|Publication number||US4611930 A|
|Application number||US 06/750,160|
|Publication date||Sep 16, 1986|
|Filing date||Jul 1, 1985|
|Priority date||Dec 16, 1983|
|Publication number||06750160, 750160, US 4611930 A, US 4611930A, US-A-4611930, US4611930 A, US4611930A|
|Original Assignee||Exxon Research And Engineering Co.|
|Export Citation||BiBTeX, EndNote, RefMan|
|Patent Citations (2), Referenced by (28), Classifications (10), Legal Events (5)|
|External Links: USPTO, USPTO Assignment, Espacenet|
This is continuation of application Ser. No. 562,164, filed 12/16/83 now abandoned.
The present invention relates to temperature measurements of remote hot samples.
The temperature of hot samples can be inferred from its spectral radiance at one particular wavelength if the spectral emissivity is known or from a value of spectrally integrated radiance if a spectrally averaged effective emissivity is known. However, if the sample is exposed to intense ambient radiation the thermal radiance will be partially obscured by a portion of the ambient radiation reflected off the sample.
Such a situation is encountered in the radiation section of fired furnaces. The present invention is a method for separating the ambient radiation reflected off the sample from the thermal radiation emitted by the sample. It is then possible to obtain a true physical temperature of the sample.
The present invention is a method for measuring the temperature of a remote sample in the presence of ambient radiation by observing its radiant emittance at about a given wavelength. This is achieved by treating a portion of the surface of the sample to obtain a spectral emissivity different from the untreated sample at about the given wavelength. The spectral radiance from the treated surface portion and the untreated surface portion of said sample is measured with a radiometer at about the given wavelength. In addition, the spectral emissivities of both portions of the surface of the sample are obtained. The temperature of the sample is determined from the measured spectral radiances and the known spectral emissivities of the treated and untreated surface areas.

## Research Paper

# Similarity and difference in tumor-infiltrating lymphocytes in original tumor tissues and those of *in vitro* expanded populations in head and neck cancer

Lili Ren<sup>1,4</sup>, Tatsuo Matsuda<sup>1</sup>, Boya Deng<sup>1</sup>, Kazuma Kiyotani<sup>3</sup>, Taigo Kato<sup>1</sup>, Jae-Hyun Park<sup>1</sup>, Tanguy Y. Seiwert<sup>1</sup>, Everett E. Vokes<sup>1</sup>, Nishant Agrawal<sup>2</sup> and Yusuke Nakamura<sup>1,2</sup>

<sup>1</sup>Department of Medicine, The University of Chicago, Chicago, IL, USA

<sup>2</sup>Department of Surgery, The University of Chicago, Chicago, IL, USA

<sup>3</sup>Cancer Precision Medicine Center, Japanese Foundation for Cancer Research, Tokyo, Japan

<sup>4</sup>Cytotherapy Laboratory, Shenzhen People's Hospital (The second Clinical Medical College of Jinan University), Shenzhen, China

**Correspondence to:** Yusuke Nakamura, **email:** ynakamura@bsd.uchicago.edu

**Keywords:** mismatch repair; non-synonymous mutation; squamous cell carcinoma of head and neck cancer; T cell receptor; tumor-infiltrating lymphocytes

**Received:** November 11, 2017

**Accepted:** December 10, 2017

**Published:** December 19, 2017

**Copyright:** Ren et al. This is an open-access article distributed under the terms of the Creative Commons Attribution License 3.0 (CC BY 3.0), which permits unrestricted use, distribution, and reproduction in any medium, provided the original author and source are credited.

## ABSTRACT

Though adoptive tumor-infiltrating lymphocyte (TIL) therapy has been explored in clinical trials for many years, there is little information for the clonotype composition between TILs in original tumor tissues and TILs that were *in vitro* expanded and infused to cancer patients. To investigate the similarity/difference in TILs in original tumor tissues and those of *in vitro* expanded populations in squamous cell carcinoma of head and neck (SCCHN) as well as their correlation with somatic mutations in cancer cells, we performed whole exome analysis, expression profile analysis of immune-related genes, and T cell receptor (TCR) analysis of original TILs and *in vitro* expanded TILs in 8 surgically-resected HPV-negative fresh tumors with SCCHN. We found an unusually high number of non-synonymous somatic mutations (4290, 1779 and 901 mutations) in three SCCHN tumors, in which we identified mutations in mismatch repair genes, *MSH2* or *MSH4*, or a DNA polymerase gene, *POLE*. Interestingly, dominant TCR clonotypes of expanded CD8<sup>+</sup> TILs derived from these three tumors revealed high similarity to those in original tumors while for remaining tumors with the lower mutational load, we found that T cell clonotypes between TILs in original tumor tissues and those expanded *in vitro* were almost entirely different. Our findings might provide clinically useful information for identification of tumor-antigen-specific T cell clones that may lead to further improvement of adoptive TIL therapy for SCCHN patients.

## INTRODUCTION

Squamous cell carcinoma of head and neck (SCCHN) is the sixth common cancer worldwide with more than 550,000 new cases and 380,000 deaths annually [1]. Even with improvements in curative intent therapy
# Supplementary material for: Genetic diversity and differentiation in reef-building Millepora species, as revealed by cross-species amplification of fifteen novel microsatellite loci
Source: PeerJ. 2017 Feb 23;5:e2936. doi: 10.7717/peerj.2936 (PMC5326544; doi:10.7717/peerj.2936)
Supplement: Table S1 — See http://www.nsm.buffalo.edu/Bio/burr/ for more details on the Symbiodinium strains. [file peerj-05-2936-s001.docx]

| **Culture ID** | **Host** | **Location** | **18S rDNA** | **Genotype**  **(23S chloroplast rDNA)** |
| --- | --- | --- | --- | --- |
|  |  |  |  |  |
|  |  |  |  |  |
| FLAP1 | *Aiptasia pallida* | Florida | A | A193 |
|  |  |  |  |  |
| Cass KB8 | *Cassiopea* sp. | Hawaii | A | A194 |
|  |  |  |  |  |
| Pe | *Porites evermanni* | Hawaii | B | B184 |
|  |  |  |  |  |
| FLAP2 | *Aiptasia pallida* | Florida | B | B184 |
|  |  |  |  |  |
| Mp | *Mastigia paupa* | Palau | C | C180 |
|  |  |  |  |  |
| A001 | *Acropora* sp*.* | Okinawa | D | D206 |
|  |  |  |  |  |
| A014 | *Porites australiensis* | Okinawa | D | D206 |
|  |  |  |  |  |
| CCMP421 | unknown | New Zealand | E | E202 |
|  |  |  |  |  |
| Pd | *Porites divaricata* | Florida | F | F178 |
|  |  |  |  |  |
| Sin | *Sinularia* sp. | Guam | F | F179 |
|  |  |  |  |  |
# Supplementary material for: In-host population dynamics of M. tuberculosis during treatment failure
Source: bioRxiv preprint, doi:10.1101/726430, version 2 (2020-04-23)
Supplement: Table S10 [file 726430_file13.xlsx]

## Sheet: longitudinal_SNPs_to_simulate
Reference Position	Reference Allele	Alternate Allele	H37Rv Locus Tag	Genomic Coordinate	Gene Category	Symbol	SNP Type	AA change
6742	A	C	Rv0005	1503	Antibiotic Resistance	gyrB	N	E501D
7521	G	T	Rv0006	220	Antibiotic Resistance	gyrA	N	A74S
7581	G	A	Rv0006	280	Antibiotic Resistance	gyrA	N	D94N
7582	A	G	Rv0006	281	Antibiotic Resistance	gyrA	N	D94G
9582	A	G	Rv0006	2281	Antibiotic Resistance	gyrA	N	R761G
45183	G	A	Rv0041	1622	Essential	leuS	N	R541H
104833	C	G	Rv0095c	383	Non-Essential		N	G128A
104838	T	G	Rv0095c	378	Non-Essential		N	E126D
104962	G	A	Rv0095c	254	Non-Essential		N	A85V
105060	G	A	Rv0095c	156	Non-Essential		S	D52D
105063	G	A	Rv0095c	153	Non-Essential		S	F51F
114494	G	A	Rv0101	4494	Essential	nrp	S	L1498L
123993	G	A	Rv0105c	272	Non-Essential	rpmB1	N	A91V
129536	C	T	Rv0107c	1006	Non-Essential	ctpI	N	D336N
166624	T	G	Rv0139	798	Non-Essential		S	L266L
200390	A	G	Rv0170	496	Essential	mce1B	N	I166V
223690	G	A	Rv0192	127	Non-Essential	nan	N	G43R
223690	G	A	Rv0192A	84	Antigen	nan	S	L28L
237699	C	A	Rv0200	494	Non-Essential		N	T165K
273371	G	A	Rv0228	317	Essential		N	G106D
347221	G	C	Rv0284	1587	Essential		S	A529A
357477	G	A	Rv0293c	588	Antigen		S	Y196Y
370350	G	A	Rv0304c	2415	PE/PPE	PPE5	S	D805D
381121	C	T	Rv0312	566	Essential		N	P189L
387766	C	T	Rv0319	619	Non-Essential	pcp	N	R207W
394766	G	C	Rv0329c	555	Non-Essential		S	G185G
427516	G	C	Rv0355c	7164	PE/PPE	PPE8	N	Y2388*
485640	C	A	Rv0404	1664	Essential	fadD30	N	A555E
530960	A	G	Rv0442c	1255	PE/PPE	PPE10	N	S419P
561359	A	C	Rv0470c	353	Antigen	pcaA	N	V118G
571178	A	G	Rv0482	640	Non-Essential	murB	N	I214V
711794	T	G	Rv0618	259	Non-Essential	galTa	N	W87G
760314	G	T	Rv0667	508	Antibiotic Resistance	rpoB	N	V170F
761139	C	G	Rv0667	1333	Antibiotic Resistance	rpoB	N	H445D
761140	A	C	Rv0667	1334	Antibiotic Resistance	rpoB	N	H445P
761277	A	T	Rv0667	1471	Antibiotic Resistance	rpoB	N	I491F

The sole FIGURE shows a typical arrangement for practicing the invention.
The present invention is a method for measuring the temperature of a remote hot sample in the presence of intense ambient radiation. For this purpose a portion of the sample surface is treated to change its emissivity for a selected wavelength or wavelength range. By a measurement of the spectral radiances from the treated and untreated (hot) surface areas one can determine the equivalent blackbody radiance for the sample temperature (and thus the temperature) provided that the spectral emissivities for the treated and untreated surface areas are known.
A general requirement of this technique is that the surface temperature of the treated and untreated areas are at least approximately equal. Thermal conduction and convection tend to equalize the temperature over the surface, but a certain temperature gradient remains due to an emissivity-dependent difference in the radiative heating rate. In order to minimize the temperature gradient it is preferable to select a surface treatment that renders the treated area about equal in total emissivity to that of the untreated surface, but different in spectral emissivity at about a selected wavelength.
The surface treatment can be done by painting or coating with refractory materials, etching, sandblasting or any other treatment to modify the spectral emissivity. Alternatively, one could attach a separate body of different emissivity in close thermal contact with the sample.